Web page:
EARLY Wednesday morning a 8.3 magnitude earthquake caused a tsunami in the Pacific, killing at least 140 people in Samoa and Tonga. Later in the day a 7.6 magnitude earthquake hit western Sumatra in Indonesia, drowning hundreds of people and burying thousands more under rubble.
Many in Samoa claim the warning system in place failed because an alert was only received after the tsunami hit. The official line has been that when the earthquake is close to land, the technology is such that there is simply not time for adequate warnings.
Brisbane-based engineer, now publisher, John McRobert, disputes this assessment claiming major earthquakes have precursor seismic shocks hundreds of kilometres below the Earth’s surface, and the transmigration of the energy, and the path to the surface can be accurately predicted:
“IN the early 1960s, a visionary Chief Engineer of the Queensland Co-ordinator General’s Department, John Kindler, called all of his engineering staff to a meeting (there were about 40 of us). He gave a dissertation about how development close to the frontal dunes at the Gold Coast was of concern, and of the (even then) huge economic risk of major storm assault on the coastline. He asked for two volunteers to spend a few years at the Dutch Delft Hydraulic Laboratories, the world’s leaders in handling storm erosion. Two volunteers stepped forward and from that the Beach Protection Authority was established to perform some excellent work in protecting our coastline from storm damage. The group was eventually absorbed into the Harbours and Marine Department.
In those days, Australia was considered to be a stable geologic platform with no volcanic activity, very few local earthquakes, and the word ‘tsunami’ wasn’t even in the lexicon.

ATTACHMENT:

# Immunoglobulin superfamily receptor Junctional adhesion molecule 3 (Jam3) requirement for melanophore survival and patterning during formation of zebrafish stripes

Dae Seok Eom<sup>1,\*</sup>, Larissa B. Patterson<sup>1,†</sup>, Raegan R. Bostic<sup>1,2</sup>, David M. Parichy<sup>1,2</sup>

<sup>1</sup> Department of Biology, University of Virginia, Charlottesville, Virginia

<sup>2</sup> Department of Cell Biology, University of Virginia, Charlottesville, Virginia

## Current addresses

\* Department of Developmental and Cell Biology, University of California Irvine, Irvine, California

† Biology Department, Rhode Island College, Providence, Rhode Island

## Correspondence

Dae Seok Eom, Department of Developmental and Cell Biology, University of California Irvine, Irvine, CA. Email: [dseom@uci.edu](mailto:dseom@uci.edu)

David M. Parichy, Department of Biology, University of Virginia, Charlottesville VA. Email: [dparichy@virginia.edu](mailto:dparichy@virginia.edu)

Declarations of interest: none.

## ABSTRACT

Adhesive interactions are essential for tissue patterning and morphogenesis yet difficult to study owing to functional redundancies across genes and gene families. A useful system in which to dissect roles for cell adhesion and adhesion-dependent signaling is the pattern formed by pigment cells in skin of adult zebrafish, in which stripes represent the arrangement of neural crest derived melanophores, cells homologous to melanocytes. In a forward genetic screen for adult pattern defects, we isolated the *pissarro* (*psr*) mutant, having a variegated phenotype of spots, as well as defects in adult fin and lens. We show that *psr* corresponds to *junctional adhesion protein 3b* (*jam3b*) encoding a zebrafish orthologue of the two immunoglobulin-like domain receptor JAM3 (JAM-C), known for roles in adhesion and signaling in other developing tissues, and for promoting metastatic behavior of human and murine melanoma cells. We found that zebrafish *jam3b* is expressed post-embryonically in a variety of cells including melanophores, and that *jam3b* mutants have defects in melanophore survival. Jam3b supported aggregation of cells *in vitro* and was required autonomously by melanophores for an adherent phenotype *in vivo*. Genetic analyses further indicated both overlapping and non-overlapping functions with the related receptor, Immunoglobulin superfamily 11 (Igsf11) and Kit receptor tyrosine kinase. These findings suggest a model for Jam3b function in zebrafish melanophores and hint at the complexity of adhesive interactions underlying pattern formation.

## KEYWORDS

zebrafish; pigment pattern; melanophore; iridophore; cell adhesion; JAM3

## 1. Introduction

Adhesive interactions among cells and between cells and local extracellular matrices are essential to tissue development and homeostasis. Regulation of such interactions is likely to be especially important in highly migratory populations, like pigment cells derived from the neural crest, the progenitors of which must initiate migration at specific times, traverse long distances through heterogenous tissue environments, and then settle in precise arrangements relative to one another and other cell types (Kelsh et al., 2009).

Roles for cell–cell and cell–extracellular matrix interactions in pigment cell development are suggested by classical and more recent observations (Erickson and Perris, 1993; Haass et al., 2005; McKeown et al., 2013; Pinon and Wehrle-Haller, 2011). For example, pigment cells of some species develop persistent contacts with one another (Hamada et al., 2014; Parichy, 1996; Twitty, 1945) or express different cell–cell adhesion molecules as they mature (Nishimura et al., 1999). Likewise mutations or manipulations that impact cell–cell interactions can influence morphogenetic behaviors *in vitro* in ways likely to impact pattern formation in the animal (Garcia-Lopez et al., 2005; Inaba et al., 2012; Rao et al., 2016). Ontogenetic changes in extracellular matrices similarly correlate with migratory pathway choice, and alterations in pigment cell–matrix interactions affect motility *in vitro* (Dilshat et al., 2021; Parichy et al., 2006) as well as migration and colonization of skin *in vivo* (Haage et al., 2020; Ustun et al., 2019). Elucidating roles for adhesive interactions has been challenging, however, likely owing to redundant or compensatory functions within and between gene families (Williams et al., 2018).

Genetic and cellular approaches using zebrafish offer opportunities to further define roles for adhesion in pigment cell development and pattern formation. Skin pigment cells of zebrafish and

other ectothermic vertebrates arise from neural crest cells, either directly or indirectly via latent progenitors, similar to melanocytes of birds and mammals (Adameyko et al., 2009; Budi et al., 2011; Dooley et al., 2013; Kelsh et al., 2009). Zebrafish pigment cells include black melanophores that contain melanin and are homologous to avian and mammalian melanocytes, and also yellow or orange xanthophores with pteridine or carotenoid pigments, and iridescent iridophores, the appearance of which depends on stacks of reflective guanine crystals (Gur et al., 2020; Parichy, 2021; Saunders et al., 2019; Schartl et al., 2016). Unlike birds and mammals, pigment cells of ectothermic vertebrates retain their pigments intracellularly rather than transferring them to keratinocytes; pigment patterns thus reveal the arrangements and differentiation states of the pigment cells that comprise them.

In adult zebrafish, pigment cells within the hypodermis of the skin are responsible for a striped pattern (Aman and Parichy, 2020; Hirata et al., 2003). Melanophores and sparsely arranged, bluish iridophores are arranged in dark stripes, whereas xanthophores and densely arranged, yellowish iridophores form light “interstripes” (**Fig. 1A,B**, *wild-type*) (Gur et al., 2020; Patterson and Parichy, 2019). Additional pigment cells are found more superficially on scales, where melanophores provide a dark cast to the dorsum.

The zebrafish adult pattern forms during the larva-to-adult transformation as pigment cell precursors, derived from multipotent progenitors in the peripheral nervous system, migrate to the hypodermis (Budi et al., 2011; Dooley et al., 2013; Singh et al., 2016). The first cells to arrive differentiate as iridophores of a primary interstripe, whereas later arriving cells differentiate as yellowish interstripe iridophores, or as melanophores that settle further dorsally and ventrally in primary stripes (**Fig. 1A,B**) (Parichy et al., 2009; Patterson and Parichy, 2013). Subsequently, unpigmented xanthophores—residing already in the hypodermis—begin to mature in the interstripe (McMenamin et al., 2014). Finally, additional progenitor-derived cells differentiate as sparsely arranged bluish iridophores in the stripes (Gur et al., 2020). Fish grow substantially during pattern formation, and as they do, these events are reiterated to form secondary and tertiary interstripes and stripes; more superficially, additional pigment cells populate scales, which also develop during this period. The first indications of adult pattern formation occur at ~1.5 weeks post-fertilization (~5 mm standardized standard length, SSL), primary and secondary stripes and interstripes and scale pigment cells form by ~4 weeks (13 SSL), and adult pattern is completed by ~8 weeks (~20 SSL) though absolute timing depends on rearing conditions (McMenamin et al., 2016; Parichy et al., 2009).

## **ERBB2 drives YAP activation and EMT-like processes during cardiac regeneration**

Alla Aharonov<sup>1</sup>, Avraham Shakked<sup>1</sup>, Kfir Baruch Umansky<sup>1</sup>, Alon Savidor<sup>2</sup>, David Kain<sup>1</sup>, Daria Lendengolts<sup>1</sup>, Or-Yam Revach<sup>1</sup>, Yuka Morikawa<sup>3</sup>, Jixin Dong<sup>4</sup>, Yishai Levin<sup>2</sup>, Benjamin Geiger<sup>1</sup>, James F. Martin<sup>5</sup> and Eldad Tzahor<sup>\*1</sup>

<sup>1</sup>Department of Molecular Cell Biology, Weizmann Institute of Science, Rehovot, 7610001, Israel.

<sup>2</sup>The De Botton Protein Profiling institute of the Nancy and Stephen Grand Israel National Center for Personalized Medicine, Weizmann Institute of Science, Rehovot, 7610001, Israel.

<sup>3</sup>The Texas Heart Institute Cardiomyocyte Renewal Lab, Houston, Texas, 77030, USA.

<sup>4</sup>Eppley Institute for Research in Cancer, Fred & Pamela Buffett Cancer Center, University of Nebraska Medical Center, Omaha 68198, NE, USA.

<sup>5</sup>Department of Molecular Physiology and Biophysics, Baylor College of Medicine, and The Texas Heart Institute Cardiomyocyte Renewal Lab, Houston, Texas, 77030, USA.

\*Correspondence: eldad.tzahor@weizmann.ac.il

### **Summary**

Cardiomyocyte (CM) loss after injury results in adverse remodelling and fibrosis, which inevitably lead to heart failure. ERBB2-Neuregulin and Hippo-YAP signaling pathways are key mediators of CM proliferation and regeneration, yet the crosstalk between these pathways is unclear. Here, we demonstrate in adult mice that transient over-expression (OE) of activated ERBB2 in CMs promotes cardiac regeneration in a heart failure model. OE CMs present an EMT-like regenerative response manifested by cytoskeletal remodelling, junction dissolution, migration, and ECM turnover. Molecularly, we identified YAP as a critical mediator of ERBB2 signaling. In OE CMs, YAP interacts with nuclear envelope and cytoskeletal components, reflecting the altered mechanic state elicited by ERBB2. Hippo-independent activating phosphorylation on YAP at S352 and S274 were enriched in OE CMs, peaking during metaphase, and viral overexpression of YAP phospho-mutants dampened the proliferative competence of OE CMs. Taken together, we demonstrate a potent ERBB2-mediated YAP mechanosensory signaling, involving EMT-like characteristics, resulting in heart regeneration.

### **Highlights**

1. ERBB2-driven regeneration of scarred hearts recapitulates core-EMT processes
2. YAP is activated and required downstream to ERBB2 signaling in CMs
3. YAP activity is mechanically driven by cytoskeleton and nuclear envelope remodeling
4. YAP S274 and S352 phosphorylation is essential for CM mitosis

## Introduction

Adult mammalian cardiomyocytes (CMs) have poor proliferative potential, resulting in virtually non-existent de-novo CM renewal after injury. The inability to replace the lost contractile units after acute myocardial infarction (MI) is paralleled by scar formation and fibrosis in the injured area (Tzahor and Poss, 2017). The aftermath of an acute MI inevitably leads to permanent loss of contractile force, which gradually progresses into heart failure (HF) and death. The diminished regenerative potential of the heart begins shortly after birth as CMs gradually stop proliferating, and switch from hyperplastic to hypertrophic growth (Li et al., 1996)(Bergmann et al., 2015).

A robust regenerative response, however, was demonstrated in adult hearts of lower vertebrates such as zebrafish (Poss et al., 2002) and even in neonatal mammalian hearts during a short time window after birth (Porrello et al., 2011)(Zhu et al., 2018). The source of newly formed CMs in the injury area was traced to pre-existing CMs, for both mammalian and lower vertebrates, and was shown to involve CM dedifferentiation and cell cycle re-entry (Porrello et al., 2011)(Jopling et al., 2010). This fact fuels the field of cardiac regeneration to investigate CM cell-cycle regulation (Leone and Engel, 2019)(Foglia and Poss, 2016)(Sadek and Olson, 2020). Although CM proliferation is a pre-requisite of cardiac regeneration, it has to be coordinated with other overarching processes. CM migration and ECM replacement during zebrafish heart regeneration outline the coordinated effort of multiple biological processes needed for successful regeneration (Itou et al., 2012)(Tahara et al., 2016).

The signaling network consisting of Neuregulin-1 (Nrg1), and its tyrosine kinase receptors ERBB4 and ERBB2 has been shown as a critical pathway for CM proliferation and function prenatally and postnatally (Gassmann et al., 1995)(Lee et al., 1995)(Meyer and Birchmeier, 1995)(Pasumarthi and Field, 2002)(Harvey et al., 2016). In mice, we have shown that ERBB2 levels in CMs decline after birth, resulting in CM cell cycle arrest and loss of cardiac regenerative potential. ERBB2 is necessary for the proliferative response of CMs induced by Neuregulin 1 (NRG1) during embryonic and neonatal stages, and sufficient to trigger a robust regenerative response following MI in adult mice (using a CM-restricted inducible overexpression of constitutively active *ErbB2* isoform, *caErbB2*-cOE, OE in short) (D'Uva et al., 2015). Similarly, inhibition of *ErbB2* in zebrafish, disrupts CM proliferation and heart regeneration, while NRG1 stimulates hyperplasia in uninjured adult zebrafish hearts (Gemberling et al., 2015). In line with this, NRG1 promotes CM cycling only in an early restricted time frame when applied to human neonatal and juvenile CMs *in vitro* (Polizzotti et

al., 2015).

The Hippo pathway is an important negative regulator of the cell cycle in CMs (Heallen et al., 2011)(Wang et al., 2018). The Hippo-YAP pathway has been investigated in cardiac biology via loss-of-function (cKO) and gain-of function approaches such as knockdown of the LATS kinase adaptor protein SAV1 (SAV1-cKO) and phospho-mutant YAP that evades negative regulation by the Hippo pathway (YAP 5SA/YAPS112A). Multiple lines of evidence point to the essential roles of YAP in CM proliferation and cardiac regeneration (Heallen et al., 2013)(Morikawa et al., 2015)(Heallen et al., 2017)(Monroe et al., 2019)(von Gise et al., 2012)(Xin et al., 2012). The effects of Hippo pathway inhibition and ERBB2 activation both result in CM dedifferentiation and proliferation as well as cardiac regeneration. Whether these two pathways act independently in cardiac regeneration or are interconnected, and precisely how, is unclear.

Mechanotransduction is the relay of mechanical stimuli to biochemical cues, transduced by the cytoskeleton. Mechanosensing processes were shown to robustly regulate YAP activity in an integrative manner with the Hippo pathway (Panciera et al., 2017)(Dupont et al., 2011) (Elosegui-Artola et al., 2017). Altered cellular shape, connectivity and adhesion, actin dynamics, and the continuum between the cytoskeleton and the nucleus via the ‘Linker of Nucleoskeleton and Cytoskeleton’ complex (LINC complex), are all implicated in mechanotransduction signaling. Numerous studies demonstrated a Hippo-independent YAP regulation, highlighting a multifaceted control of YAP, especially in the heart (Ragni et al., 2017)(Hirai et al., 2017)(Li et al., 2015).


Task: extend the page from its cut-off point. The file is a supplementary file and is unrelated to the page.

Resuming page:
The action was around the ‘Ring of fire’ in the Pacific, and in 1962, the failure of earth scientists to warn inhabitants of the New Hebrides and the Solomon Islands of a damaging volcanic eruption demanded action, and this resulted in a remarkable collaboration between Dr Claude Blot, a French volcanologist, and John Grover, an Australian earth scientist, who found and proved answers to long lead-time, accurate, early warning of volcanic eruptions and great earthquakes. They showed that these major events had precursor seismic shocks hundreds of kilometres below the Earth’s surface, and the transmigration of the energy, and the path to the surface could be accurately predicted. Some of the most dramatic examples of this is told in John Grover’s book, Volcanic Eruptions and Great Earthquakes (here I have to declare that this book was published by my company).
The Grover/Blot team was broken up for political reasons – it was deemed more politically acceptable to let the events happen without warning, than to make a prediction which could be wrong and which could therefore create unnecessary panic.
John Grover died a few years ago, but his work is being continued by a seismologist based in Canberra, Dr Dong Choi. After the Sumatran tsunami, I asked Dr Choi if it could have been predicted. The answer sent prickles up the back of the neck when he said ‘The data fits’.
But mainstream academia refused to review the John Grover book, and here we have seen another fast and furious catastrophe in the Samoan region. It had no warning. How would the Gold Coast cope?
We are spending billions chasing a will’o’the’wisp gas called carbon dioxide which is essential to life on Earth, and which is driven by climate, not by puny man-made emissions, and ignoring real research as to how to predict and manage natural cataclysm.
Where are our priorities?
Brisbane, Australia “